Albuquerque this time of year can be hot. It was hot. Two days while I waited for word on my car it reached to almost to 100°.  The smart thing would have been to rent an RV spot where I could plug in and run AC. I’ve never been too smart. I figured I could do some shopping and eat in some air conditioned places and tough it out for a couple days. I spent three  uncomfortable nights at Cabelas, sweating into my pillow throughout the night. In the morning it was still 80°.  I ran my generator some, but as soon as I turned it off the heat would seep back in with a vengeance. 

After two days I received word from the repair shop that they couldn’t find anything wrong with the motor but other things needed attention. They wanted to change spark plugs, wipers, lights, hood latches, flush brake fluid and coolant, and a couple other ridiculous things. The estimate came to $2275. I told them the only thing I would let them do was the spark plugs. Everything else I could do myself or wasn’t necessary. 

They called this morning and said the car was ready. I talked to the mechanic and he said they really couldn’t do anything unless the diagnostic computer pointed to a fault. He also said he drove it for quite a drive to get the engine light to come on. I hitched up and headed out after dropping $300 to change three spark plugs. 

Tonight I’m at Pecos Canyon State Park, located 20 miles up a narrow, twisted road north of Santa Fe. Pecos Canyon is New Mexico’s newest park. They are still developing the campgrounds. 

There is no drinking water, picnic tables, or dump. The campground where I’m staying (the only first come first served site) has no level parking. I had to use all my blocks to get somewhat level. 

As soon as I headed up into the canyon I knew that cell service was going to be challenging. One look at my phone after I arrived confirmed the area was dead.  A park worker confirmed that I would have to drive back to Pecos to get word out. 

With all the missing amenities and cell service the area is actually quite beautiful. What draws most people to this canyon is the world class trout fishing in the Pecos River. I sometimes wish I was more into fishing like my Dad and my Son in Law. It would sure make places like this more fun. One nice thing is that the temperature is in the 70’s this afternoon. It was a little warm when I got here but a thunderstorm came through and cooled it off nice.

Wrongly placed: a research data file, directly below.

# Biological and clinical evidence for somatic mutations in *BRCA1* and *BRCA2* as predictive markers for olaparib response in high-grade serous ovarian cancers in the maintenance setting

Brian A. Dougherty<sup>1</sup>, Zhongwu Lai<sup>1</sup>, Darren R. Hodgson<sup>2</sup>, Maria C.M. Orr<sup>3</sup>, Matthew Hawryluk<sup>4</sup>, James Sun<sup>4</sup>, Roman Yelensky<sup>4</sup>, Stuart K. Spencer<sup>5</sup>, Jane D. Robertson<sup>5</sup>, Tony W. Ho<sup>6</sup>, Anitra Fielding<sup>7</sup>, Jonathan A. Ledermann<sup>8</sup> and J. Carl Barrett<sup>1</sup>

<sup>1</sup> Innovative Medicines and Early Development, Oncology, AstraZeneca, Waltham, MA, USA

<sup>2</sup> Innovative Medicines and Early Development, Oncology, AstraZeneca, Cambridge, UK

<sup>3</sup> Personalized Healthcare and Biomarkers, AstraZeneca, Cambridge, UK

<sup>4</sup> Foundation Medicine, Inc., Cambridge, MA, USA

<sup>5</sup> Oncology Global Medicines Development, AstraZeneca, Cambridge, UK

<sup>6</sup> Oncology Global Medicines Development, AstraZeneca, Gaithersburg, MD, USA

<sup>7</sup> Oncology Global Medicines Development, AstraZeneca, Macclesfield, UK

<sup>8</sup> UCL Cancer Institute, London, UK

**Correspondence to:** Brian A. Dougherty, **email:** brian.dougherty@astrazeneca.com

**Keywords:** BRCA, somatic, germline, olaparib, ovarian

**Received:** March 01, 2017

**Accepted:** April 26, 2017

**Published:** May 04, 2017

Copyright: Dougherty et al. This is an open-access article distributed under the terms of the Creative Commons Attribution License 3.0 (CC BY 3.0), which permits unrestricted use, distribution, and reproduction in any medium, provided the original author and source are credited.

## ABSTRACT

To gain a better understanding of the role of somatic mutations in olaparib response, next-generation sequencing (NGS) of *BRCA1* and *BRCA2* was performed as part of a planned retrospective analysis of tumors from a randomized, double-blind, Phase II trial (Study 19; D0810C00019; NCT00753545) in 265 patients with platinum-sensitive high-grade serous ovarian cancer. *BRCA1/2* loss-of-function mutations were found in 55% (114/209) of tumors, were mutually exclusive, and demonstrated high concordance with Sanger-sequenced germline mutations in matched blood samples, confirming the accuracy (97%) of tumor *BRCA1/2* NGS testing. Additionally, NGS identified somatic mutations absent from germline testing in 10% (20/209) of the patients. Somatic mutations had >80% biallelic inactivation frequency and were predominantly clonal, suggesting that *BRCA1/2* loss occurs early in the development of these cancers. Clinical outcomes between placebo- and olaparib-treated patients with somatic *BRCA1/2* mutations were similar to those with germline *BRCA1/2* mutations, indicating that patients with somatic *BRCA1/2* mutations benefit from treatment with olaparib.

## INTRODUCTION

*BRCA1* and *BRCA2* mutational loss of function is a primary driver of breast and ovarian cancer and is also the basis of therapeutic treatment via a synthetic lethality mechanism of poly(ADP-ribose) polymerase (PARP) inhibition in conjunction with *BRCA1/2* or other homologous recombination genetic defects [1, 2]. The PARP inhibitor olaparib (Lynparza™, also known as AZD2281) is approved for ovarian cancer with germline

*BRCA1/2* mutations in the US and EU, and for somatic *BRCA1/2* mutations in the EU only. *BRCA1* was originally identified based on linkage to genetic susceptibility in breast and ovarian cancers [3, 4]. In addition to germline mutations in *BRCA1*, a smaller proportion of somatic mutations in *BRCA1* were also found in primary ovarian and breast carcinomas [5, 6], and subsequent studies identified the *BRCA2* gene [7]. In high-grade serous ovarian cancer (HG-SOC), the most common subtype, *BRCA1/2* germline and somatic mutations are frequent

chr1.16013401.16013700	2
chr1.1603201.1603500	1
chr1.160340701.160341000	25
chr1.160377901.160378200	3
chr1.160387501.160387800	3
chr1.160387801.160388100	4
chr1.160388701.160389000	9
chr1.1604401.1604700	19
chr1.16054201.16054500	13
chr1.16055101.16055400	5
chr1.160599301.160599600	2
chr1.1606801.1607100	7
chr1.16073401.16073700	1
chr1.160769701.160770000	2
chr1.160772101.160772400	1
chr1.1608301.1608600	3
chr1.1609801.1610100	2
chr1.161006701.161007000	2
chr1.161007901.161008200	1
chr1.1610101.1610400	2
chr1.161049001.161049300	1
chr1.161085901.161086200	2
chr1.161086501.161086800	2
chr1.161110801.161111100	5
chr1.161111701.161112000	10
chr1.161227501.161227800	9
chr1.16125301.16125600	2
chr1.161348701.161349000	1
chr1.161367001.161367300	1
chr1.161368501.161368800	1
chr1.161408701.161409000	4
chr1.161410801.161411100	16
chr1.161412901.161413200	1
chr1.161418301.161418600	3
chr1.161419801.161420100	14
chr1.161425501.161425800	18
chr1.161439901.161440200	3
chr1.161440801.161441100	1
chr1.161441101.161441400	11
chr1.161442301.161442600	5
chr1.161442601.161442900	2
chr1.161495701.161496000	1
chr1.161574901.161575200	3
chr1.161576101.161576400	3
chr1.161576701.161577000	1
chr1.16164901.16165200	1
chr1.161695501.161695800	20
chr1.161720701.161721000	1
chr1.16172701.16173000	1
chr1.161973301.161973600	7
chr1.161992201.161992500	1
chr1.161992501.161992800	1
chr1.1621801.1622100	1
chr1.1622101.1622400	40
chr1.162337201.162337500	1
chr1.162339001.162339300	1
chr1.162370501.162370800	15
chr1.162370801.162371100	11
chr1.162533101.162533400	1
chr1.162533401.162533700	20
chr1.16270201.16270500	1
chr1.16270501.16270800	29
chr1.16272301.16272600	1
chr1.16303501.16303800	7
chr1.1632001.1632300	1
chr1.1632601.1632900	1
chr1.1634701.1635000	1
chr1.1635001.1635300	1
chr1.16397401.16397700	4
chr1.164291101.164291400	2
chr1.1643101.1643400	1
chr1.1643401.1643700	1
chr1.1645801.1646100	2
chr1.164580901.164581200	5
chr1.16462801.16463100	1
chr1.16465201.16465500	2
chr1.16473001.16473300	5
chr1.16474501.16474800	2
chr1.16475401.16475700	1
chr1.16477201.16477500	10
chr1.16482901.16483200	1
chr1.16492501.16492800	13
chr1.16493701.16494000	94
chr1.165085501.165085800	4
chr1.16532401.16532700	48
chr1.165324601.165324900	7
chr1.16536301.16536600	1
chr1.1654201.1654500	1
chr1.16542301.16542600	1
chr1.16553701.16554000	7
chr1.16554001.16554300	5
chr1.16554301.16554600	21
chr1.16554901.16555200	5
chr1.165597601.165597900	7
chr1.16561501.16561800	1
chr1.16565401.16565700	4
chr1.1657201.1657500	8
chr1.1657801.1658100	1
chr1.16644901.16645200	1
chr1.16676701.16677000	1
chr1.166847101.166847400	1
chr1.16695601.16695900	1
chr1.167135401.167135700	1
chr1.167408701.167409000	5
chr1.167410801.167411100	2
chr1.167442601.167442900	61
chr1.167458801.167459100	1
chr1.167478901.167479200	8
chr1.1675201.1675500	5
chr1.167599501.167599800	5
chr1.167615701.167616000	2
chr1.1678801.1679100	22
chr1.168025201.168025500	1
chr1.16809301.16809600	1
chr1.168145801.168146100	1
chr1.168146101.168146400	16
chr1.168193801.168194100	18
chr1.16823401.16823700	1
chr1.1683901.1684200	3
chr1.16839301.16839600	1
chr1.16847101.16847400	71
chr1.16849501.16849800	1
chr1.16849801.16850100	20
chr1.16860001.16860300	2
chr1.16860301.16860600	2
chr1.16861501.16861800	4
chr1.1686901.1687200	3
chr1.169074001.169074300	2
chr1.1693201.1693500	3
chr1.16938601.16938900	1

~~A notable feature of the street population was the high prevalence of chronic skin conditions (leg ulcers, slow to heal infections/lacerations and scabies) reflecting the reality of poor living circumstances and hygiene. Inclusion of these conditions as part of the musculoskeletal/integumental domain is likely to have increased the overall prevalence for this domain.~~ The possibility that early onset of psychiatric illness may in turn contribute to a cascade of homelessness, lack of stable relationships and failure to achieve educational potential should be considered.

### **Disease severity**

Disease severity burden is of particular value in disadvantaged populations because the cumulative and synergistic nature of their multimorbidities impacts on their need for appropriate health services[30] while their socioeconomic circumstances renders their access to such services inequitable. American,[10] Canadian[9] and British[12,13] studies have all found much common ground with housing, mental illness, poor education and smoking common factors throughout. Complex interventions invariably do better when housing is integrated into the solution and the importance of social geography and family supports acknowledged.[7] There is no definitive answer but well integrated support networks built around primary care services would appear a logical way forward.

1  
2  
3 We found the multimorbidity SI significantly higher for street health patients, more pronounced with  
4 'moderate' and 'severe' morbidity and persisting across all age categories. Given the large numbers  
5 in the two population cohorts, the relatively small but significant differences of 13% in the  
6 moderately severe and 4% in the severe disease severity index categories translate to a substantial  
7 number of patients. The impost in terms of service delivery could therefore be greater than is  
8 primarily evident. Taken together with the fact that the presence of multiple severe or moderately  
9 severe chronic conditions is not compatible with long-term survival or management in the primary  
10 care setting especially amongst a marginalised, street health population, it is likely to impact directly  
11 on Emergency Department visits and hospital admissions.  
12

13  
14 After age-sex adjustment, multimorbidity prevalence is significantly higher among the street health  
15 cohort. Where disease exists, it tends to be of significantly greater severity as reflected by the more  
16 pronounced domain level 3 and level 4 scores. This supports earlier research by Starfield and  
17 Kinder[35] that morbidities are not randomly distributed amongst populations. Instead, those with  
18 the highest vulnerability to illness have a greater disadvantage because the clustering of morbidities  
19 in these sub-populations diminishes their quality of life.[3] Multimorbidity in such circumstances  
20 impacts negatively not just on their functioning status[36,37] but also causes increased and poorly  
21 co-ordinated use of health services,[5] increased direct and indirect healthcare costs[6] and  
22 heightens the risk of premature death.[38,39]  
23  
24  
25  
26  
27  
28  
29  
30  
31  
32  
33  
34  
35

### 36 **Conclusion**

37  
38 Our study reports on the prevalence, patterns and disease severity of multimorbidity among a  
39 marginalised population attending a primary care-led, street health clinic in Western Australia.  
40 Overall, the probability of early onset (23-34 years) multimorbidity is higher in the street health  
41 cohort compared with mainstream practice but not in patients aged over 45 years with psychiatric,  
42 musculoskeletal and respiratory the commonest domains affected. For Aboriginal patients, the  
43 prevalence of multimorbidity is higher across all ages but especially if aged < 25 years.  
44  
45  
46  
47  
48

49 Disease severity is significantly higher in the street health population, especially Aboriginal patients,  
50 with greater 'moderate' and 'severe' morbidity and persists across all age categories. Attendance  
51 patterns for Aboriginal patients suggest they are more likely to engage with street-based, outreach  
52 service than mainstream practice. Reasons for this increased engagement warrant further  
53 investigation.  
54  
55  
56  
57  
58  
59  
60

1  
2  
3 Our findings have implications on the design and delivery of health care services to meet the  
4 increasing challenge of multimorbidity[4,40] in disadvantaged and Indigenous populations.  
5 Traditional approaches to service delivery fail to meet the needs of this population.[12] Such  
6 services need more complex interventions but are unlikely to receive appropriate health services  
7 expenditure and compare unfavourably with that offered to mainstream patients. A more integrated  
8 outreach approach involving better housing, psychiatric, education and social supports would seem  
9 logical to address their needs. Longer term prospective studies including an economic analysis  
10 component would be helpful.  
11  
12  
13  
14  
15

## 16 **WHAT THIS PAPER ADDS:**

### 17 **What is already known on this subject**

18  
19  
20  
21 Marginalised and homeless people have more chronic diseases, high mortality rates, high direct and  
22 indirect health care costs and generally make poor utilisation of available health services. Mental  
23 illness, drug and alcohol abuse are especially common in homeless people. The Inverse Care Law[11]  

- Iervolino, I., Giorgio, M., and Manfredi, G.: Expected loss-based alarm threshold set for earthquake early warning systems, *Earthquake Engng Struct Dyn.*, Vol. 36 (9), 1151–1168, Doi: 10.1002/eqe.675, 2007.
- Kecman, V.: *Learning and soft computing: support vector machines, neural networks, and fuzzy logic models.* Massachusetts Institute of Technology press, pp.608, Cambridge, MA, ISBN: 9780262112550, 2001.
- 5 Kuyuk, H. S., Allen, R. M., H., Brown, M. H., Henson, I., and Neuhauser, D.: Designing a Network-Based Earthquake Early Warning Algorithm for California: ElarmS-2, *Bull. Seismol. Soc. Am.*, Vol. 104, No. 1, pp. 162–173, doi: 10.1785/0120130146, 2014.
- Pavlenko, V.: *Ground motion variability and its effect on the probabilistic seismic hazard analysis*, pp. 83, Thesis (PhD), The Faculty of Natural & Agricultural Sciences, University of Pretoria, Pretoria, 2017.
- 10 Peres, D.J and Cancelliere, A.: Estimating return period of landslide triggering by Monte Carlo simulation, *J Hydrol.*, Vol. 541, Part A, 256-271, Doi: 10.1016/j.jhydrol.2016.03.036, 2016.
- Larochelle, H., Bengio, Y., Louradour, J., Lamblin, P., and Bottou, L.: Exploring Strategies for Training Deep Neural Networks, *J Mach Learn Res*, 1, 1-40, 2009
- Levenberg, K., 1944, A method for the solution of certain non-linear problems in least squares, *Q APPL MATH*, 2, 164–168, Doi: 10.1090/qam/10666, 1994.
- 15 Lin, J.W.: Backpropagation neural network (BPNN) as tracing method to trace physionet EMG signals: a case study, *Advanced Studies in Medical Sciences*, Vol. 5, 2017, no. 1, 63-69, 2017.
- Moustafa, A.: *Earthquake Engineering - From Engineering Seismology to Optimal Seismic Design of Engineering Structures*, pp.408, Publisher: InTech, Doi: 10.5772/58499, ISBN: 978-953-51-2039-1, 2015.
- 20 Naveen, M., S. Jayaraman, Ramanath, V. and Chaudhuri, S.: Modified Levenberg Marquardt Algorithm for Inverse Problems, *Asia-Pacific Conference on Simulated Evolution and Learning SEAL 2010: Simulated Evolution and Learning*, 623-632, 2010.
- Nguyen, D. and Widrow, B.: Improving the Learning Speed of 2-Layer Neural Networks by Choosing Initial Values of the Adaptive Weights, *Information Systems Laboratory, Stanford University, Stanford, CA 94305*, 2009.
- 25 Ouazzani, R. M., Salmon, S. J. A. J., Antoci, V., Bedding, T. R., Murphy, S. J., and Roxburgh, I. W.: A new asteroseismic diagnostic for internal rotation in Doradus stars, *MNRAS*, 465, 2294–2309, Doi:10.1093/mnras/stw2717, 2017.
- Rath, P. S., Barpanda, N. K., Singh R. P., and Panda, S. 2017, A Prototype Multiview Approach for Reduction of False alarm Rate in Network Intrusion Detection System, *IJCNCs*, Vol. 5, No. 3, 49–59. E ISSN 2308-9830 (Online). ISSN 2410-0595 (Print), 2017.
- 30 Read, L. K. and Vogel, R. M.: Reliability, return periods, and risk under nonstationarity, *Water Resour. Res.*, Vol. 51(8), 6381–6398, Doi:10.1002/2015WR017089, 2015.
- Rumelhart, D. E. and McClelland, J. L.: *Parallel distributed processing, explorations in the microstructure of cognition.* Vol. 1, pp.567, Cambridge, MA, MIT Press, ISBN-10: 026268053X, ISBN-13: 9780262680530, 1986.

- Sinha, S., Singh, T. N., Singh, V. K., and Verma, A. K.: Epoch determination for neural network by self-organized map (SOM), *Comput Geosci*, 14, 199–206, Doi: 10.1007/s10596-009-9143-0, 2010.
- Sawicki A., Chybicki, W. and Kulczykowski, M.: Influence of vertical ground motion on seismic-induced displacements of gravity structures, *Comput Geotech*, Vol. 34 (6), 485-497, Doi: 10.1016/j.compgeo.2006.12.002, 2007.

I’ll explore the area tomorrow if Micro will run right. After the weekend I’ll probably head over to Storrie Lake. 

Arizona is Burning

June 22nd, 2021

Northern Arizona has been hot and dry this year. Even up in the mountains the temps have been over 90° for many days in June. With all the high temperatures and low humidity, it has been ripe for forest fires. 

It is monsoon season but very little rain has materialized out of the storms that pass through. What is a sad fact is that the storms wield dry lightning that has set many blazes in the Coconino, Kaibab, Tonto, and Prescott National Forests. Every day as we camped near Flagstaff, new fires were reported in the forest. Two days ago after a generous round of new fires in the area, we received notice that they were closing all the forest in two days. None of the fires have been caused by careless campers but they want to get us out of the way anyway. 

Rafael Fire

As we all stood around and pondered what we could do, no one had any brilliant ideas. North in Arizona is the only place cool enough to survive in a camper. I had some options to go stay with family and store my motorhome or rent a spot in an RV park to run my AC night and day. After weighing all the options, I decided to head north to Colorado or check out New Mexico State Parks to see if any of the higher parks were open. 

With a little investigating online I found out the New Mexico State had opened their parks to limited first come sites. They also were selling the camping pass that lets you into any park. This morning I loaded up and headed 200 miles to Bluewater Lake State Park. 

There was a lot of construction on Interstate 40 and lots of semi trucks on the road. I only drive about 62 mph so I am passed consistently by big rigs that knock me over with their wake. I was out early so missed much of the high wind, but near Window Rock, AZ there were some gusts that I didn’t care for. I arrived at Bluewater shortly after noon and looked for someone to give me information on camping. 

I flagged down a worker and inquired about camping. Yes… I could indeed camp in one loop where they put the low-life people that don’t want to use their reservation system. I always hate using reservations. For one thing, I never know when I want to go someplace or how long I want to stay. And along with the reservation, Reserve America wants a cut so you end up paying another $12 to them for making the arrangements!

But I am ranting. I don’t mind being put back in the corner as long as I don’t have to pay extra. Today was up in the 90’s so it would have been nice to have electric, but I ran my generator for a while and now that the sun is low it’s cooler. The weather is calling for lower temperatures and a chance of rain in the next few days.  That would be nice. 

Jeanne is coming tomorrow to camp here. Margaret has been asking questions about here so she may be interested too. I thought maybe a few more forest dwellers would end up here but not so far. There are hundreds of them scattered about the woods and I don’t know where they will all go. 

Donna just texted that the last holdout, Apache-Sitgraves NF, is closing too.